RCMP provides update on access control checkpoint on Morice West Forest Service Road


2020-01-15 12:20 PST

The access control checkpoint was set up late in the morning on January 13, 2020 at the 27 kilometer mark on the Morice West Forest Service Road. As frontline police officers were implementing the new access procedure on the first day, there was some miscommunication that resulted in three individuals being turned away. In one case the person would not provide basic details such as identification and purpose of travel, and in another case, there was a shift in weather conditions as nightfall approached. In the third case, another person transporting food and supplies, was not initially allowed access. Rather than turning the person away, the police officer at the checkpoint made arrangements for the supplies to be transported in by an alternate person. However, both individuals decided not to proceed and left the area.

The procedures have since been clarified and we have not had any reports of further issues and most individuals have been able to proceed. Based on a review by the Operations Commander, RCMP officers appeared to be acting professionally and in good faith. If there are public complaints made, we will ensure full disclosure of all information regarding the interaction including the video captured by police.

The RCMP would like to emphasize that this checkpoint is not an exclusion zone, which are created when police are enforcing a civil injunction. At this point, we are not enforcing the BC Supreme Court injunction to allow time for dialogue between the Wet’suwet’en Hereditary Chiefs, Elected Councils, Coastal GasLink and Government. The access control checkpoint is a measured response that reflects the need to prevent further escalation of the situation including the placement of hazards along the roadway and the creation of a third encampment blocking access. It also allows the RCMP to be accountable for the safety of all persons accessing this area given the hazards, unplowed roads and severe winter conditions.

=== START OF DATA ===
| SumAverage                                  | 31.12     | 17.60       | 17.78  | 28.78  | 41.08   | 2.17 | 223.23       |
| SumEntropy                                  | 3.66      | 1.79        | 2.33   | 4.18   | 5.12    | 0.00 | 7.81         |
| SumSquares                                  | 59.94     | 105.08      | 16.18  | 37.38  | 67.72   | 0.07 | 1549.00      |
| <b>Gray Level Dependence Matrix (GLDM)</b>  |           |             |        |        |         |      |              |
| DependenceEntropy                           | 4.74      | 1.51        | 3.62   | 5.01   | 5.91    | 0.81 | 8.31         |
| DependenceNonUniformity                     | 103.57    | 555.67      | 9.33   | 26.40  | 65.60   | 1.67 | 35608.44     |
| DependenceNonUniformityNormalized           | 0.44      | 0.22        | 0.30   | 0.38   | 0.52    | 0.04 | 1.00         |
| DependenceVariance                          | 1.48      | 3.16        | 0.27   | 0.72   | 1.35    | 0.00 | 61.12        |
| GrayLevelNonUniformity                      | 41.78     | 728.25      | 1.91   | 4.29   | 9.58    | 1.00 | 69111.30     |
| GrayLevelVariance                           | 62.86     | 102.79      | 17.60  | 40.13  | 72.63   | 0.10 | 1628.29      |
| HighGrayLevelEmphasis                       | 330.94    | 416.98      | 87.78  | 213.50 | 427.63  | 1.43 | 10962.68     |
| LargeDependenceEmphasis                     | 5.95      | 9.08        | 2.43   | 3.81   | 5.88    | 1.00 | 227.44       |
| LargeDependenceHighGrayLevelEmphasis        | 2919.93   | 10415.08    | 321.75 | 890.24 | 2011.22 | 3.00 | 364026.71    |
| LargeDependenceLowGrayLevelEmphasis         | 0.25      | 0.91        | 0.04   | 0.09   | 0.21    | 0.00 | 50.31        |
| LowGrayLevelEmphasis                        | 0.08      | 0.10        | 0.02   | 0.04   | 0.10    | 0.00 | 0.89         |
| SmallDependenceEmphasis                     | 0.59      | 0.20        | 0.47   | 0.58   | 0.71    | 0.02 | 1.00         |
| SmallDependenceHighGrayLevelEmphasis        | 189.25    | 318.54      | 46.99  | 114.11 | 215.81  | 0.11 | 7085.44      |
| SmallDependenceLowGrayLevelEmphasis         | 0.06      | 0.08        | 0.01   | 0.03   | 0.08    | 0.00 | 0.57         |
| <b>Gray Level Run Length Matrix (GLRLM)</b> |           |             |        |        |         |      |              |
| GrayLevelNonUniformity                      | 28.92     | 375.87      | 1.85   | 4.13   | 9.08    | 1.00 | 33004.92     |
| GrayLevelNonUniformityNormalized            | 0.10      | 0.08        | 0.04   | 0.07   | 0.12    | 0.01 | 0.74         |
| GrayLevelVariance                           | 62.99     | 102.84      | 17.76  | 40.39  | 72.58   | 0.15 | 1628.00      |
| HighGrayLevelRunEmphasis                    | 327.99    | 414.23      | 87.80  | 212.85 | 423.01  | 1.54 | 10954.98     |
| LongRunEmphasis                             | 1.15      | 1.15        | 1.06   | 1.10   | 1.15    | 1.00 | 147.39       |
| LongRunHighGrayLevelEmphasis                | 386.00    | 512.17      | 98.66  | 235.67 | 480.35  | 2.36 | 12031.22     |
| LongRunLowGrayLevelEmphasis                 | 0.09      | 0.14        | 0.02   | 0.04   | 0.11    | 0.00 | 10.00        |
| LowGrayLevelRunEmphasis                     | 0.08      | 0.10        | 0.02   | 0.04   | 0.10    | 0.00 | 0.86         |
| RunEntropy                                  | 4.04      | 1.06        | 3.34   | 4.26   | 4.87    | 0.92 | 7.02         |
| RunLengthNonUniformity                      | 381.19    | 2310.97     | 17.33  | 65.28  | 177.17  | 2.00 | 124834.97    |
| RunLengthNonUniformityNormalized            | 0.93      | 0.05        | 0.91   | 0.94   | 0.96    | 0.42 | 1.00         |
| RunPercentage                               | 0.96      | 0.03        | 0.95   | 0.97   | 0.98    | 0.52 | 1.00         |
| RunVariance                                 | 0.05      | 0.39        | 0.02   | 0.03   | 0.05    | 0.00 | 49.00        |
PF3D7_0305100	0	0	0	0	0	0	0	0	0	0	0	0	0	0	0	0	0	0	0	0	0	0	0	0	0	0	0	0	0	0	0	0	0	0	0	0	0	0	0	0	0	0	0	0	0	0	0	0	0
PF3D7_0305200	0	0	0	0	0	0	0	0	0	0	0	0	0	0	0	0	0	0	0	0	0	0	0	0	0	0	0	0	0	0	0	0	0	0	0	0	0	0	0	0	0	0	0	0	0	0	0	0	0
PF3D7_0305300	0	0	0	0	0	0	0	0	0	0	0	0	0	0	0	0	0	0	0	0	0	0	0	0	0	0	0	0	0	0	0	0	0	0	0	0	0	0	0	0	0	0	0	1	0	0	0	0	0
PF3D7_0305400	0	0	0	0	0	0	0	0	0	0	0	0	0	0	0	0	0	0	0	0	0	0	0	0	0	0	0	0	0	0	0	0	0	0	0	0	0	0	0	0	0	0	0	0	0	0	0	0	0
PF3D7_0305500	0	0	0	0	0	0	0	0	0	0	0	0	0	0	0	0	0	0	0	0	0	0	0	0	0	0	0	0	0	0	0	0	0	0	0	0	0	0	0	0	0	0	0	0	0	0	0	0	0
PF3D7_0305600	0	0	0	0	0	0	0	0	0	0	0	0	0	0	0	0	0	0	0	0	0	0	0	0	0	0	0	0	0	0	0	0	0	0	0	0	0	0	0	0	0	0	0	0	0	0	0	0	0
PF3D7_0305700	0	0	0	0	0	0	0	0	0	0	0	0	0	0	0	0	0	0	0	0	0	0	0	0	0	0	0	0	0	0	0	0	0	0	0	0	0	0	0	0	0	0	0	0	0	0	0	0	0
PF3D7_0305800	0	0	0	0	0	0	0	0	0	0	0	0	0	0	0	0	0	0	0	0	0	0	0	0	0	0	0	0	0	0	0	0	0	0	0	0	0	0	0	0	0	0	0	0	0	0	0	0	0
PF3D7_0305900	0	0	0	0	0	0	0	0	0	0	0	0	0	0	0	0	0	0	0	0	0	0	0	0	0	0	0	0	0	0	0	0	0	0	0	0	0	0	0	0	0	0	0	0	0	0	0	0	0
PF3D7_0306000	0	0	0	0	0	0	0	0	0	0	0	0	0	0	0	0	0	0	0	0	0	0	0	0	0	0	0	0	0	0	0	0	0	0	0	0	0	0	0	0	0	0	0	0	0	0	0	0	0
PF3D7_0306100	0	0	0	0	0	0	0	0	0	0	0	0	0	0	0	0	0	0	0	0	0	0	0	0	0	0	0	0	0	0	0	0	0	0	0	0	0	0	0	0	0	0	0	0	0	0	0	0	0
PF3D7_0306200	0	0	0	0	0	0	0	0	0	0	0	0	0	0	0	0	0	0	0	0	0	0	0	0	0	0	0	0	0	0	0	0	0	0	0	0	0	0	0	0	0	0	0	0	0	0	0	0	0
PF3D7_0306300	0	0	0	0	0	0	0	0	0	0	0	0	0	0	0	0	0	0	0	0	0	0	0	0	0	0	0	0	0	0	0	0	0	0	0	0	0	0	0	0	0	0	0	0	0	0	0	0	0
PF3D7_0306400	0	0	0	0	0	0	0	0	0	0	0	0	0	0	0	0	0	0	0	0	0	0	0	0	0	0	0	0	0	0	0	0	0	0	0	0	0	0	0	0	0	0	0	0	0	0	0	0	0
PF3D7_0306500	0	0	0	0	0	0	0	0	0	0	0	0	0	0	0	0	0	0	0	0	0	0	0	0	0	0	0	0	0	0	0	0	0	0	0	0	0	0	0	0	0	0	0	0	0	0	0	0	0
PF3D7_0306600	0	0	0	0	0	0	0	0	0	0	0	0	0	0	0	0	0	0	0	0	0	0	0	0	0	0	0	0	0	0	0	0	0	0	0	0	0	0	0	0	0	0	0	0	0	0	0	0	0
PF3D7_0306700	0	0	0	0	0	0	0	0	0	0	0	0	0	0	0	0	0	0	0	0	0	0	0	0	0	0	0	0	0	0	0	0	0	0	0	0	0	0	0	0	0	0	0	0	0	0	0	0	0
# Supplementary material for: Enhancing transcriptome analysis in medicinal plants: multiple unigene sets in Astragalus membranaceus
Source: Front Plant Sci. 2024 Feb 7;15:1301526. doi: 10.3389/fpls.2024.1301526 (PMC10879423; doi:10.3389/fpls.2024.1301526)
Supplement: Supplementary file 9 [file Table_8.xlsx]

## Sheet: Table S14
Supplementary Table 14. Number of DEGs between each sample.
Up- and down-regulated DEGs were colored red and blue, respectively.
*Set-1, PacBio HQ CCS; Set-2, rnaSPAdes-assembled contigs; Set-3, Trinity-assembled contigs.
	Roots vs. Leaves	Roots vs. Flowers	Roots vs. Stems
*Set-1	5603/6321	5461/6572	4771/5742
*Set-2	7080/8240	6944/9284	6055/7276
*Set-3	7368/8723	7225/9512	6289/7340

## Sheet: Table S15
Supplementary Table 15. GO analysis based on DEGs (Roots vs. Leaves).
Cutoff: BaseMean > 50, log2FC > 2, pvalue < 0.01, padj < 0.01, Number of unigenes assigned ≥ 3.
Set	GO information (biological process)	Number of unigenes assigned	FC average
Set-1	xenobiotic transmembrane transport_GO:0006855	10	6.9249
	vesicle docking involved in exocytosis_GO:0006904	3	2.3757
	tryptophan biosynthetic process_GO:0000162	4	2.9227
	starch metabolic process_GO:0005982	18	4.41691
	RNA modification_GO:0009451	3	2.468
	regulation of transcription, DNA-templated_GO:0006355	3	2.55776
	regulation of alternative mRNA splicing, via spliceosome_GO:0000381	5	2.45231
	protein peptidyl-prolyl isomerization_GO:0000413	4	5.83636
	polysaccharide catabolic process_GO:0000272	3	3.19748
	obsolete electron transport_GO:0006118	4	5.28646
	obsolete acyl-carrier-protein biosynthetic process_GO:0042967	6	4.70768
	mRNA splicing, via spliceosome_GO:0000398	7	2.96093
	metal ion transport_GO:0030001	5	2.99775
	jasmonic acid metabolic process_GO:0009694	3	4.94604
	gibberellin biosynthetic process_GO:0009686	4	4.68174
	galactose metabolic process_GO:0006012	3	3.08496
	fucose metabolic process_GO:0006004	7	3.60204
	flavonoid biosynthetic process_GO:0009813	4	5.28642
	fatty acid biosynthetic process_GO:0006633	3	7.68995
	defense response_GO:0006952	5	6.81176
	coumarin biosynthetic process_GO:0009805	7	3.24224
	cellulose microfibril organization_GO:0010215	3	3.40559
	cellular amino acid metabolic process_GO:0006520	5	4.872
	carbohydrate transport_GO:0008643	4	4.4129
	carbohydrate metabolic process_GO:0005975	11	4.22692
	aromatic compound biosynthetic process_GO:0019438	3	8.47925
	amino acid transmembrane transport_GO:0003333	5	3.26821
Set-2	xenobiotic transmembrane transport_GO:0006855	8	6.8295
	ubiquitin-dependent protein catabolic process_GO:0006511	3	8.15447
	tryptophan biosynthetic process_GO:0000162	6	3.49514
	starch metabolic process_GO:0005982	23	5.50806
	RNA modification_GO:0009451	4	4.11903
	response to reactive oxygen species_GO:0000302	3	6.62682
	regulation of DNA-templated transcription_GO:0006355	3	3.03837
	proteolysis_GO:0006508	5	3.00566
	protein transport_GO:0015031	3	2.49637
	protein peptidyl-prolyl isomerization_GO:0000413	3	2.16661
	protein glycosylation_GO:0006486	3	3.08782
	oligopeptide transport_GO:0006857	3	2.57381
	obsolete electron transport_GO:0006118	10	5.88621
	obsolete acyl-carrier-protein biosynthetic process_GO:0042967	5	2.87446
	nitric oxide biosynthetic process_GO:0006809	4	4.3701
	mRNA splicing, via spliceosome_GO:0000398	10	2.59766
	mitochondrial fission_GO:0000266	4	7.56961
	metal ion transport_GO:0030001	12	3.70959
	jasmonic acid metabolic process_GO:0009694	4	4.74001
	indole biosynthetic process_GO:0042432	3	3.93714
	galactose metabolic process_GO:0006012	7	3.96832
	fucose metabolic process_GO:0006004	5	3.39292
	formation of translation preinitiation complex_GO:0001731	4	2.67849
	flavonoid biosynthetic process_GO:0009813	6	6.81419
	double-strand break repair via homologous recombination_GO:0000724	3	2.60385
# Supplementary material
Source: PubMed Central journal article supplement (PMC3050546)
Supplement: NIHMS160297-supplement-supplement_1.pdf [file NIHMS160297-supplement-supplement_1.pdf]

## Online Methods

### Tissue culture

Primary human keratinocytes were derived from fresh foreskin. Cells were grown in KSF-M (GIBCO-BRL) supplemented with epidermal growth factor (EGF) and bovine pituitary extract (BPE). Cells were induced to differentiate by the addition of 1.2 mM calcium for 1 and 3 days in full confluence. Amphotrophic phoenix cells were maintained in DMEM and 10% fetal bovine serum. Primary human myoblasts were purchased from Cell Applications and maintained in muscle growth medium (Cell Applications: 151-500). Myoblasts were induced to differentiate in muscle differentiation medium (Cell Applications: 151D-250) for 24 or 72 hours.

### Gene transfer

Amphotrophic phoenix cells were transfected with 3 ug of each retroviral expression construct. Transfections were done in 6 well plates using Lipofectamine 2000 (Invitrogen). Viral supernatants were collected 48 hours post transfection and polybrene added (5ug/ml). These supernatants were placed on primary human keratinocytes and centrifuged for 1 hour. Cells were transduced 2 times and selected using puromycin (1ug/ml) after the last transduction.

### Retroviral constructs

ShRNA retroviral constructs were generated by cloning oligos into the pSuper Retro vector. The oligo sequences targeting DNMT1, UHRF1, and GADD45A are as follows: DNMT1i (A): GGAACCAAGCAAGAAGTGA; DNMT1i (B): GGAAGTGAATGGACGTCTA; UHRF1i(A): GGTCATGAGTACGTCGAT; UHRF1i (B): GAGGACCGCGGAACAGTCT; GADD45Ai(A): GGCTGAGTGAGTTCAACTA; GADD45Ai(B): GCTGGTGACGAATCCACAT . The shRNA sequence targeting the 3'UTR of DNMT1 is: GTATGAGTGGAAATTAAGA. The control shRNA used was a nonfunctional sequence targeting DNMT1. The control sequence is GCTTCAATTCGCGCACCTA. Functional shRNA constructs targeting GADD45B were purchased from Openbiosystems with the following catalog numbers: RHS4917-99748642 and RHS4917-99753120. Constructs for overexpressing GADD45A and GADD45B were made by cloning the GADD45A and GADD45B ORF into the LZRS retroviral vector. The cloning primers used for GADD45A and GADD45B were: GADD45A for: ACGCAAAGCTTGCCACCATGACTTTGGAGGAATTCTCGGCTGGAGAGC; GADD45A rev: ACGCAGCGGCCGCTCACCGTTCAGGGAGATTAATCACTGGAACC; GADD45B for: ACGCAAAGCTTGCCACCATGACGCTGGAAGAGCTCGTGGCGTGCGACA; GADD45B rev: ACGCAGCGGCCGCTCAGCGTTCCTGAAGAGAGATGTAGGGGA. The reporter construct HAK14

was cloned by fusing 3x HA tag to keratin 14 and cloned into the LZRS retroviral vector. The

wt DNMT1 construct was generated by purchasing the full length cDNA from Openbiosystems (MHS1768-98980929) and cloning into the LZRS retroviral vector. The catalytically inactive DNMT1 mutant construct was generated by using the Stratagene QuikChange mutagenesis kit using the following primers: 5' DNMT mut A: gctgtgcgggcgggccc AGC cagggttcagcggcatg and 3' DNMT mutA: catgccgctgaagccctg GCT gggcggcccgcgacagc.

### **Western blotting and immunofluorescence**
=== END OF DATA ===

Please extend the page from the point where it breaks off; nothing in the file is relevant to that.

The RCMP is very mindful of the continued presence of not just the fallen trees on the road, but of the partly cut trees. These trees can fall unexpectedly due to wind and heavy snowfall, which could result in significant injury or death.

The stacks of tires with accelerants also remain. Twice now, police officers removed the containers of accelerants to prevent fires and both times they were replaced. The intent here is concerning and we are continuing our criminal investigation on this matter.

(Click here for original news release on Hazardous blockade of fallen trees on Morice West Forest Service Road in Houston)

Last year, during the enforcement of the court-ordered injunction, the RCMP entered into several missing persons investigations on individuals who were lost or stranded in the area. We also assisted in removing vehicles from snow banks. We would like to prevent these situations from recurring, which is why we are asking for individuals passing through the checkpoint to identify themselves, provide information on where they are headed, and how long they anticipate being there.

Recognising a need to improve communication and to streamline the process, members of the Division Liaison Team (DLT) are now onsite to assist in those situations where there are questions over access. DLT members have local knowledge and positive relationships with many in the Wet’suwet’en community and will help to better facilitate the process.

Based on ongoing dialogue with all the stakeholders, the RCMP continues to monitor the situation with the hope of a peaceful and safe resolution to the current breach of the court injunction.

Released for:

Superintendent John Brewer
Operations Commander
RCMP Community-Industry Response Group

Media contact:

BC RCMP Communication Services

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